Values are numbers of citations. FDA indicates US Food and Drug Administration.
eTable 1. Randomized Controlled Trials of Gabapentin for Outpatient Treatment of Off-label Painful Conditions, Excluding Cancer Pain and Headache
eTable 2. Randomized Controlled Trials of Pregabalin for Outpatient Treatment of Off-label Painful Conditions, Excluding Cancer Pain and Headache
eTable 3. Off-label Painful Outpatient Conditions for Which Gabapentinoid Studies With No Controls or With Nonrandomized Comparisons Have Been Published, Excluding Cancer Pain and Headache
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Goodman CW, Brett AS. A Clinical Overview of Off-label Use of Gabapentinoid Drugs. JAMA Intern Med. Published online March 25, 2019179(5):695–701. doi:10.1001/jamainternmed.2019.0086
The gabapentinoid drugs gabapentin and pregabalin were originally developed as antiseizure drugs but now are prescribed mainly for treatment of pain. For gabapentin, the only pain-related indication approved by the US Food and Drug Administration (FDA) is postherpetic neuralgia. For pregabalin, FDA-approved indications related to pain are limited to postherpetic neuralgia, neuropathic pain associated with diabetic neuropathy or spinal cord injury, and fibromyalgia. Despite these limited indications, gabapentin and pregabalin are widely prescribed off-label for various other pain syndromes. Such use is growing, possibly because clinicians are searching increasingly for alternatives to opioids.
This report summarizes the limited published evidence to support off-label gabapentinoid uses, describes clinical cases in which off-label use is problematic, and notes how review articles and guidelines tend to overstate gabapentinoid effectiveness.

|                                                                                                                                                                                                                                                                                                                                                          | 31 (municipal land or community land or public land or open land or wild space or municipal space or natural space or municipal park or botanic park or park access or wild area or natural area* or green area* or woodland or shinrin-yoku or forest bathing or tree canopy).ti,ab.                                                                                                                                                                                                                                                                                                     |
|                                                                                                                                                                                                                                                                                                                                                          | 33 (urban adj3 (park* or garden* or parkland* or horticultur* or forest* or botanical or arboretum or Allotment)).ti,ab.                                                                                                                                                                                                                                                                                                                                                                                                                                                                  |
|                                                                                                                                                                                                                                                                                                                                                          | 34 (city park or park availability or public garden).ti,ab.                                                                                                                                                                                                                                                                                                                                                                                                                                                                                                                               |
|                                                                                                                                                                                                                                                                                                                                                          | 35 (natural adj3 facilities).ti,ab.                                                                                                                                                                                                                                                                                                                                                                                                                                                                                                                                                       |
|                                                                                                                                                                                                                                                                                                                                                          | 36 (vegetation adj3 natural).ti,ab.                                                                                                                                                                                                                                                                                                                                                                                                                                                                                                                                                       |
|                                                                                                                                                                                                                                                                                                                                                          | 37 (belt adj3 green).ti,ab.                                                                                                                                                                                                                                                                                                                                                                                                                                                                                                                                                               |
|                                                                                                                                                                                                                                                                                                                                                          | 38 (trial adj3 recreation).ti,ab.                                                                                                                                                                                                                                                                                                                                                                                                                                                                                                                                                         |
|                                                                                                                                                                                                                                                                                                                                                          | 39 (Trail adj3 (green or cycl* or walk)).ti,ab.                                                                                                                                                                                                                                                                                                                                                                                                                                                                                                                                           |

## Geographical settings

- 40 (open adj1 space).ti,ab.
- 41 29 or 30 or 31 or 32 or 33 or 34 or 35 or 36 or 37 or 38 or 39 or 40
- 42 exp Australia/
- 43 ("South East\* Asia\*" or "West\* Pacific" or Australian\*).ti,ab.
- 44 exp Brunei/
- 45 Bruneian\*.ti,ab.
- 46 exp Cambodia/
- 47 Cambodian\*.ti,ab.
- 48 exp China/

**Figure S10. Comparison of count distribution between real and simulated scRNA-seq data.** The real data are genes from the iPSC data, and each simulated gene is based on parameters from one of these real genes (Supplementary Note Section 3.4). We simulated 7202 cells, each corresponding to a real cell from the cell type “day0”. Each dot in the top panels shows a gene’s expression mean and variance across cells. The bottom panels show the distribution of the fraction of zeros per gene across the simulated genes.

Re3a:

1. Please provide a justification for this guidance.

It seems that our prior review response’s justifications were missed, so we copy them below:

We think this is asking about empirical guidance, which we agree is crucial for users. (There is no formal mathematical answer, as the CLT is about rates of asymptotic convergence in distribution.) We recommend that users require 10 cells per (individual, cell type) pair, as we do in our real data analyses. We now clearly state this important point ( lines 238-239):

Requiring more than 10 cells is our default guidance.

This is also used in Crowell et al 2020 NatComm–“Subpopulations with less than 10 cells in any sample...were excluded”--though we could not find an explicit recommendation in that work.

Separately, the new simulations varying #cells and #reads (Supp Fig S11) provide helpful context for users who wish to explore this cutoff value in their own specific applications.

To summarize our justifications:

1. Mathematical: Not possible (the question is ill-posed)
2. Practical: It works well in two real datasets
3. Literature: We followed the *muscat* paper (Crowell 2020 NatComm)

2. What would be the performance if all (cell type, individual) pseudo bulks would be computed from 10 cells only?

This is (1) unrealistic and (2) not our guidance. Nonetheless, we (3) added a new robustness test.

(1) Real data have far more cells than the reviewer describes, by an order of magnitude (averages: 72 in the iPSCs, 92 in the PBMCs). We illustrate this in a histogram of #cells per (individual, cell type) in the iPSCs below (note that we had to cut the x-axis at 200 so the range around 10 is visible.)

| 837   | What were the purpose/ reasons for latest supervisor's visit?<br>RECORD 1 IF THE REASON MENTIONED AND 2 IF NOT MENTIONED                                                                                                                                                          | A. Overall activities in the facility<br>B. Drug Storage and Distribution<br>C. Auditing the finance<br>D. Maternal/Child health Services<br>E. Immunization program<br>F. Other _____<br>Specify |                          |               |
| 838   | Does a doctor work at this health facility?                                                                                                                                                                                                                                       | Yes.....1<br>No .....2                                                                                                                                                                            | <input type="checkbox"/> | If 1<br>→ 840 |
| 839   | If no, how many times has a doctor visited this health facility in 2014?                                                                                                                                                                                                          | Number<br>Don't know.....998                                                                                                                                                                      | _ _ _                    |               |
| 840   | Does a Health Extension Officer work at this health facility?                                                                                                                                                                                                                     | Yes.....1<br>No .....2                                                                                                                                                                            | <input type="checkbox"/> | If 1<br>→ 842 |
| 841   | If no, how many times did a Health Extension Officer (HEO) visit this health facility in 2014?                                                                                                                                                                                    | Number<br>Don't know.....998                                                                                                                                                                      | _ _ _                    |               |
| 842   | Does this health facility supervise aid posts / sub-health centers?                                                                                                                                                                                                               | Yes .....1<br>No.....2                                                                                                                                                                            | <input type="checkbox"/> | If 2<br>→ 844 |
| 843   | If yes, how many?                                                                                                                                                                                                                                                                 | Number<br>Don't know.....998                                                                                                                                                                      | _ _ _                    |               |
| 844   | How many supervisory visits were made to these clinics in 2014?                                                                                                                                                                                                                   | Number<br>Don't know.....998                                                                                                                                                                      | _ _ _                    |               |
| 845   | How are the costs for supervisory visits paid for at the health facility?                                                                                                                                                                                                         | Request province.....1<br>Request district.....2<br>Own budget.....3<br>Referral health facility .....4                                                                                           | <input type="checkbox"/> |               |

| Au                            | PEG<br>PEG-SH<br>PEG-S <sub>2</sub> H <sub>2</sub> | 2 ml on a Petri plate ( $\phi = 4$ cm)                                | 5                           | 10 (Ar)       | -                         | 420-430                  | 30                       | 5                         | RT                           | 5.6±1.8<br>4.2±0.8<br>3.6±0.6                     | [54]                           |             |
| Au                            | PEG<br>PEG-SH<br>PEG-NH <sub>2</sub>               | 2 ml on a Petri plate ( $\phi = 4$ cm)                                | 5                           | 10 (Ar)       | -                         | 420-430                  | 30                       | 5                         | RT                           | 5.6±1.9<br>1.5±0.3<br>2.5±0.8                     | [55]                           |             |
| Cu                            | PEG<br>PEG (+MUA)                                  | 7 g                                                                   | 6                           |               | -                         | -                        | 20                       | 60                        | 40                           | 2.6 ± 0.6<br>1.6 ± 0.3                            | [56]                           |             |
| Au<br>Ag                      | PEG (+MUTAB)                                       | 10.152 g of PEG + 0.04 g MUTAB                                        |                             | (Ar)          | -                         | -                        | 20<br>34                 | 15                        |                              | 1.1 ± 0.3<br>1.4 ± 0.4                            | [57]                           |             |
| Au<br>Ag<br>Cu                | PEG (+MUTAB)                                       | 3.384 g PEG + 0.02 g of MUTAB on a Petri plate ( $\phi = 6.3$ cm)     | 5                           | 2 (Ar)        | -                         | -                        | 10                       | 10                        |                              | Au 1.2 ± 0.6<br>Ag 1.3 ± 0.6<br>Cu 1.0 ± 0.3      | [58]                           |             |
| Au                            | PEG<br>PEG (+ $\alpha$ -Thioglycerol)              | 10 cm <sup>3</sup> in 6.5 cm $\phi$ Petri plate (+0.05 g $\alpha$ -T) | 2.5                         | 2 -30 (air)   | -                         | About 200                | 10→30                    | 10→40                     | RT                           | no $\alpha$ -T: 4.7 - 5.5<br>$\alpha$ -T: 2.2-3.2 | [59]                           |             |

Clinicians who prescribe gabapentinoids off-label for pain should be aware of the limited evidence and should acknowledge to patients that potential benefits are uncertain for most off-label uses.
The pharmacologic management of pain is challenging, particularly given the current opioid crisis. As government initiatives are setting restrictions on opioid prescribing,1 clinicians are turning to alternative medications for treatment of pain. Acetaminophen is often ineffective for moderate to severe pain, and nonsteroidal anti-inflammatory drugs are problematic or contraindicated in many patients with complex medical conditions. Increasingly, clinicians are prescribing the gabapentinoid drugs (gabapentin and pregabalin) to fill this void in pain management.2,3 However, gabapentinoid drugs have been approved by the US Food and Drug Administration (FDA) for treatment of only a limited number of pain syndromes, and a substantial proportion of gabapentinoid use is off-label (ie, for indications that are not FDA approved).